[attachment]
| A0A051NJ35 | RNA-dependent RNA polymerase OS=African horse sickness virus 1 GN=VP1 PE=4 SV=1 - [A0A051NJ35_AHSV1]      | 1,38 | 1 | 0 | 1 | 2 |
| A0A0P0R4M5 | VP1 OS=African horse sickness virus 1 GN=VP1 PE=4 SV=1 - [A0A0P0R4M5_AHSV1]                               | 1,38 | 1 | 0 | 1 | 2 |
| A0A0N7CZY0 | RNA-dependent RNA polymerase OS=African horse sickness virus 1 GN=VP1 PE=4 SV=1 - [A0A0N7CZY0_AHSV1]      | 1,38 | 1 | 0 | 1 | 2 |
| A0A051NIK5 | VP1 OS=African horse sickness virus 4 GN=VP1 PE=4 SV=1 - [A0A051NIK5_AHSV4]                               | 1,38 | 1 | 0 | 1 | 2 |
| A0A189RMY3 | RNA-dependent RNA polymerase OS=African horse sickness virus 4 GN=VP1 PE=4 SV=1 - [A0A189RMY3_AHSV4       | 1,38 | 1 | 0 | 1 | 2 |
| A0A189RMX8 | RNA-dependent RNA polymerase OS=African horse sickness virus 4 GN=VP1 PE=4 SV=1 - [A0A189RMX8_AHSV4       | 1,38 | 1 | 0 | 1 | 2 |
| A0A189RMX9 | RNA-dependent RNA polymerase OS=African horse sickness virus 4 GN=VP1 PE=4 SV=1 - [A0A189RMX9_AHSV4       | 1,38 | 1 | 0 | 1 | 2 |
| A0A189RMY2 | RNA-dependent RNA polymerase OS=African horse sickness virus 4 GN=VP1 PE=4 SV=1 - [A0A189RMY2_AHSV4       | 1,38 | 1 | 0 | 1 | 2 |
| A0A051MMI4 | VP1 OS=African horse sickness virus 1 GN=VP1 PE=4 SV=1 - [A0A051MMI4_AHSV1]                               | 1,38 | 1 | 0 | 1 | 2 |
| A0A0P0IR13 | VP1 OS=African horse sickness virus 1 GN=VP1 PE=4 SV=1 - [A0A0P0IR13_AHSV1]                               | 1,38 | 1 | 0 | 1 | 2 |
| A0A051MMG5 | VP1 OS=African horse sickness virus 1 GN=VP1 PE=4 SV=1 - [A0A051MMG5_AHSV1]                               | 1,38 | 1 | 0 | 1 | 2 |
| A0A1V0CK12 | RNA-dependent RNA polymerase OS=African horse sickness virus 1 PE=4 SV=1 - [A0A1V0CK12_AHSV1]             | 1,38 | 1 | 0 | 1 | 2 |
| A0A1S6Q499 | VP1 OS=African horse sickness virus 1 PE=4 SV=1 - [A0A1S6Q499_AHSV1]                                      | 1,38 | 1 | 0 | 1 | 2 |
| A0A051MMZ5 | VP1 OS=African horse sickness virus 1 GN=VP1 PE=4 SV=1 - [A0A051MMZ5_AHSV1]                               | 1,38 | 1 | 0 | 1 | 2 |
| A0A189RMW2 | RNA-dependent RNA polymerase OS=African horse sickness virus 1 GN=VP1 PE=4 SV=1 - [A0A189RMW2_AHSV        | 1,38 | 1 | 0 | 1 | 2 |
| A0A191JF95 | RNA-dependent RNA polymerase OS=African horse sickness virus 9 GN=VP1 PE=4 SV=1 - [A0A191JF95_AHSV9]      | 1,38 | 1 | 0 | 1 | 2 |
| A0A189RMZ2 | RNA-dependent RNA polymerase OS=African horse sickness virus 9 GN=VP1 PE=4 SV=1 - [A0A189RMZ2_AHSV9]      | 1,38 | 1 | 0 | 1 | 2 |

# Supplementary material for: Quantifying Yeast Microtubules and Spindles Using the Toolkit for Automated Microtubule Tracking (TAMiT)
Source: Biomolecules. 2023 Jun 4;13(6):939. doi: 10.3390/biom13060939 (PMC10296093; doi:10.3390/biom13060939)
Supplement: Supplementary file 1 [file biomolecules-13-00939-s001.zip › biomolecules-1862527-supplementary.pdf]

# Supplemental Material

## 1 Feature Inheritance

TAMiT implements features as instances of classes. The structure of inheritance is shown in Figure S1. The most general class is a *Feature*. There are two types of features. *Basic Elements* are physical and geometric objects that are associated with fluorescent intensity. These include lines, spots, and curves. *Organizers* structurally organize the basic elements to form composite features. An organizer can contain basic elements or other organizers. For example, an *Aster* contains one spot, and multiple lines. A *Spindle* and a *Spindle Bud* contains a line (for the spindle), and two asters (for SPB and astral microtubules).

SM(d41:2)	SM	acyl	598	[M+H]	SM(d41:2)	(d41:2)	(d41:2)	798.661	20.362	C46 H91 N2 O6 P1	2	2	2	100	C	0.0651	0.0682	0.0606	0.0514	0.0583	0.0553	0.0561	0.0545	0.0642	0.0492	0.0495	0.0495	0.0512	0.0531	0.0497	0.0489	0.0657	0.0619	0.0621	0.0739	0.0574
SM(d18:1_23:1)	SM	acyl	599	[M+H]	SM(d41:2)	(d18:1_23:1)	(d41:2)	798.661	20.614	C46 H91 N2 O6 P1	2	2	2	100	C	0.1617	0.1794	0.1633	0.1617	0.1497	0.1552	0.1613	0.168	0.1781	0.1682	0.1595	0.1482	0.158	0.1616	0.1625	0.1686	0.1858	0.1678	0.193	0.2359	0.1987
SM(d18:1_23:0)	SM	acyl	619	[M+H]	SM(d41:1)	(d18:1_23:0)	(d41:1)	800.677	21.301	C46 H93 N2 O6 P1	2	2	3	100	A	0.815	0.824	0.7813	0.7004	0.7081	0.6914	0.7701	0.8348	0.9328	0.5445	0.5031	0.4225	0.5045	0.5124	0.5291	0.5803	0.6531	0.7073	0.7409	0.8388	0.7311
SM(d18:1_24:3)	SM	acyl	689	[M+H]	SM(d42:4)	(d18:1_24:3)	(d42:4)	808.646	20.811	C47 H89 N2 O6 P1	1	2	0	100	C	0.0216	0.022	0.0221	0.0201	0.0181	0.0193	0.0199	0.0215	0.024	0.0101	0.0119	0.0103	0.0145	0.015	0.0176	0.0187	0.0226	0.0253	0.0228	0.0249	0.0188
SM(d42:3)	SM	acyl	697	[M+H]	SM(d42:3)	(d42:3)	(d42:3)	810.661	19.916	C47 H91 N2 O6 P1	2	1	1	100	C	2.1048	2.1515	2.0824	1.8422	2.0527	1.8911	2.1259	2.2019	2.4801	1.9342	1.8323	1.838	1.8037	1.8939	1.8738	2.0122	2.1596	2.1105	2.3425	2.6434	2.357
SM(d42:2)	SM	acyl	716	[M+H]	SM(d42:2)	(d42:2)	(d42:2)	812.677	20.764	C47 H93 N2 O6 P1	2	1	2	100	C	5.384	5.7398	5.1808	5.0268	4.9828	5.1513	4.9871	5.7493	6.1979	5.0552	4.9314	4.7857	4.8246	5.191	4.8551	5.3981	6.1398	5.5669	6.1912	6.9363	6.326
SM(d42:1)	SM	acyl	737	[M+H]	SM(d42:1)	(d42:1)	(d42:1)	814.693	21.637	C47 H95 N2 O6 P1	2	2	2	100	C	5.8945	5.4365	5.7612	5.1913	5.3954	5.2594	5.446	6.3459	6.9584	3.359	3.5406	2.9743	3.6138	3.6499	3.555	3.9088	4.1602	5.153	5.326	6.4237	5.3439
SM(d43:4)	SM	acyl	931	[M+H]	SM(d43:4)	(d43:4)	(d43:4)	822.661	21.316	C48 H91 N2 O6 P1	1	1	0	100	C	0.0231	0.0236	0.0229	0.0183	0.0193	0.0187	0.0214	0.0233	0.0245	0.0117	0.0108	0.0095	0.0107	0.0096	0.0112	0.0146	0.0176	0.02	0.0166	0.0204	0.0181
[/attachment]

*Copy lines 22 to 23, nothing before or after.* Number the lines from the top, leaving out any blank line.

## 1 Feature Inheritance

TAMiT implements features as instances of classes. The structure of inheritance is shown in Figure S1. The most general class is a *Feature*. There are two types of features. *Basic Elements* are physical and geometric objects that are associated with fluorescent intensity. These include lines, spots, and curves. *Organizers* structurally organize the basic elements to form composite features. An organizer can contain basic elements or other organizers. For example, an *Aster* contains one spot, and multiple lines. A *Spindle* and a *Spindle Bud* contains a line (for the spindle), and two asters (for SPB and astral microtubules).